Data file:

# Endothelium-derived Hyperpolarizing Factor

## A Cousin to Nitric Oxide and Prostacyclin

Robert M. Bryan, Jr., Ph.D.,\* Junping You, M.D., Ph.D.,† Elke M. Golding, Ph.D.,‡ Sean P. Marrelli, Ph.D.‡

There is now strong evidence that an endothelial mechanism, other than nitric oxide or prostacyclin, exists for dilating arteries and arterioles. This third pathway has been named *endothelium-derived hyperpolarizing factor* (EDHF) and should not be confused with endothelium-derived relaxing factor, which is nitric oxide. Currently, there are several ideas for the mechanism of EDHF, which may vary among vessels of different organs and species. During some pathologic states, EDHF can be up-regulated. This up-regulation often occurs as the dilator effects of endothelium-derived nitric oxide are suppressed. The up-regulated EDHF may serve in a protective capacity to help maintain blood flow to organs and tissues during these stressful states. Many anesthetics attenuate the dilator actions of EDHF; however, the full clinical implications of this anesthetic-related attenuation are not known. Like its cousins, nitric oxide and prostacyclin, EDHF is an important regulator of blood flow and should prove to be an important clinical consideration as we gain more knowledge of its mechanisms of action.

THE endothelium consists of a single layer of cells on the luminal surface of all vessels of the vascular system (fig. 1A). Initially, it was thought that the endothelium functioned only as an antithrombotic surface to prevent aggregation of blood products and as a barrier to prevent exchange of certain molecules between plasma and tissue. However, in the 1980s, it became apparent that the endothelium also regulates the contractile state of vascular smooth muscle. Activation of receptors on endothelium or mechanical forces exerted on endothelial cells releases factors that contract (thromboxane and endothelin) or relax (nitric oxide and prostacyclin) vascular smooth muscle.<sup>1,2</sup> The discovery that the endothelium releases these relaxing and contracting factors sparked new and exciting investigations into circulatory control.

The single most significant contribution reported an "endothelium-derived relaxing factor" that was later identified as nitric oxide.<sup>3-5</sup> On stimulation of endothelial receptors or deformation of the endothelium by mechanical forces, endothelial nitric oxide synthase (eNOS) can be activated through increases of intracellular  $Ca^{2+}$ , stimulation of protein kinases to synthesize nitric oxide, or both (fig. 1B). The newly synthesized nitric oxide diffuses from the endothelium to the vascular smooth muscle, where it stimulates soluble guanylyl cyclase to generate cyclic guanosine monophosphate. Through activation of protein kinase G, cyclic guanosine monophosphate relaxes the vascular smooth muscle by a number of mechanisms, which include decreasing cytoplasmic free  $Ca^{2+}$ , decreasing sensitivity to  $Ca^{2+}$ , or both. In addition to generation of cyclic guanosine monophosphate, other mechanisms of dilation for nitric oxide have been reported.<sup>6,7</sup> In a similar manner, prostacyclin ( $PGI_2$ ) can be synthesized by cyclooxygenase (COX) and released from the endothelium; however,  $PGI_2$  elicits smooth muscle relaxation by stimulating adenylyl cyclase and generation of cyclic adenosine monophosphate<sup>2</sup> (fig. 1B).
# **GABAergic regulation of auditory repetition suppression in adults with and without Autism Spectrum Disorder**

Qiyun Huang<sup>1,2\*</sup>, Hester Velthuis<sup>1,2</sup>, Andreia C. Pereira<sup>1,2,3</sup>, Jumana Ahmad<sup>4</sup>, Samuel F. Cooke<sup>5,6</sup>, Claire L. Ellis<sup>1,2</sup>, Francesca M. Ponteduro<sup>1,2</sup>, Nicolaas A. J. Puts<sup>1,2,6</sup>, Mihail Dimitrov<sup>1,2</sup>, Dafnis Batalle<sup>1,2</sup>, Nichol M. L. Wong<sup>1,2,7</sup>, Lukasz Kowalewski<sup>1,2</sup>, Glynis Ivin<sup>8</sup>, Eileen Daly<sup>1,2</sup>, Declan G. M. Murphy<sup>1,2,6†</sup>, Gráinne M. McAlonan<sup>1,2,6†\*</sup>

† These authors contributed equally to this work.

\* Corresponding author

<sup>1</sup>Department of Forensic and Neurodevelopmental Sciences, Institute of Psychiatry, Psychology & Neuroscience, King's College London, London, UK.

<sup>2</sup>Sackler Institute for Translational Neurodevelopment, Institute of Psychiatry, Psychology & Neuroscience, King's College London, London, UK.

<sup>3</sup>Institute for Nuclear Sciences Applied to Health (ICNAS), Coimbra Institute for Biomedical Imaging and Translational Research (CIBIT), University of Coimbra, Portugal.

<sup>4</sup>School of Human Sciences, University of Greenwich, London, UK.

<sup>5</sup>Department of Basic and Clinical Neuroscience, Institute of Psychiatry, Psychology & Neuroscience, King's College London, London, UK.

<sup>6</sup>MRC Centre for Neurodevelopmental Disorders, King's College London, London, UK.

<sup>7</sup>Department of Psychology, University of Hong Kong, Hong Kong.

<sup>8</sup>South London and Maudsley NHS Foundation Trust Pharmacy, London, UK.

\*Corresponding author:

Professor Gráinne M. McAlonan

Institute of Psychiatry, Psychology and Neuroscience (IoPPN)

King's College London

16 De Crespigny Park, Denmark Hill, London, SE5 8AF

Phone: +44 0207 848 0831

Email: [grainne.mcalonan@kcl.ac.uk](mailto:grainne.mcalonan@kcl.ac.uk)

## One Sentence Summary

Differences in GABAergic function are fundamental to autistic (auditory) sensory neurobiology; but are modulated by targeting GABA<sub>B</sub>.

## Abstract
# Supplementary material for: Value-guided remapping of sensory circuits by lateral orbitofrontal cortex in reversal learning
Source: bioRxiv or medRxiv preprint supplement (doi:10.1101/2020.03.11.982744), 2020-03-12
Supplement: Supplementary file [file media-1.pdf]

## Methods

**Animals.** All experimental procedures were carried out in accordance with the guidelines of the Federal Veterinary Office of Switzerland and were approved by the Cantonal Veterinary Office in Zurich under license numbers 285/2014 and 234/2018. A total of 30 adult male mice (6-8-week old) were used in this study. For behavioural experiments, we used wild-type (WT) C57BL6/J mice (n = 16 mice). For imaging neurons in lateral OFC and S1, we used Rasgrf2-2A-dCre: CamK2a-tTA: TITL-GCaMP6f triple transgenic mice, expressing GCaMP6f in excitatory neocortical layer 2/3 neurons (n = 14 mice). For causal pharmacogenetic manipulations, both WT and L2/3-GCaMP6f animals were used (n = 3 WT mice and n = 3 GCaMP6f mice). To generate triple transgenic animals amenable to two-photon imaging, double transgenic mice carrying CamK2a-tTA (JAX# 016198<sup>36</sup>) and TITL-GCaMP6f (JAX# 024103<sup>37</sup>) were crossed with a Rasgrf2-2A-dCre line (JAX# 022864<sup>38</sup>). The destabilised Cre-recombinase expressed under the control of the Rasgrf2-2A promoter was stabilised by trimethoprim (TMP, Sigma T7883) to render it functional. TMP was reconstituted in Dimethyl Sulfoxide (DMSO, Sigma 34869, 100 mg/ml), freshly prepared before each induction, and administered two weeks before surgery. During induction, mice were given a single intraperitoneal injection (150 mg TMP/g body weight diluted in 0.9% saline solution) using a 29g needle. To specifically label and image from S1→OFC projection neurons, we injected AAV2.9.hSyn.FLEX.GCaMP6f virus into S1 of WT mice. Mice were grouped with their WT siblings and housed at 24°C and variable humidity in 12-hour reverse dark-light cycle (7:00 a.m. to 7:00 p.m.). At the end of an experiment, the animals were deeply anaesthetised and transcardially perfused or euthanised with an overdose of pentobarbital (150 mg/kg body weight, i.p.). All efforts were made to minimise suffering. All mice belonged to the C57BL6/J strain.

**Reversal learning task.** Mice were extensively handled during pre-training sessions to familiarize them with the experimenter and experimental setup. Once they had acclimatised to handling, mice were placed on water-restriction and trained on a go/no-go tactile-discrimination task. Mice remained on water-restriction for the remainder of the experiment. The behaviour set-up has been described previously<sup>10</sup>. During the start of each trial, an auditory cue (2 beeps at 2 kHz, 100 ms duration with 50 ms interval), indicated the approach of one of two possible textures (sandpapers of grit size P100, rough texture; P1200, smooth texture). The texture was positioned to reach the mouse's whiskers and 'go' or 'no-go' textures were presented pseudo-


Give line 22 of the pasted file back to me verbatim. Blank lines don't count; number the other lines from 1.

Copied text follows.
King's College London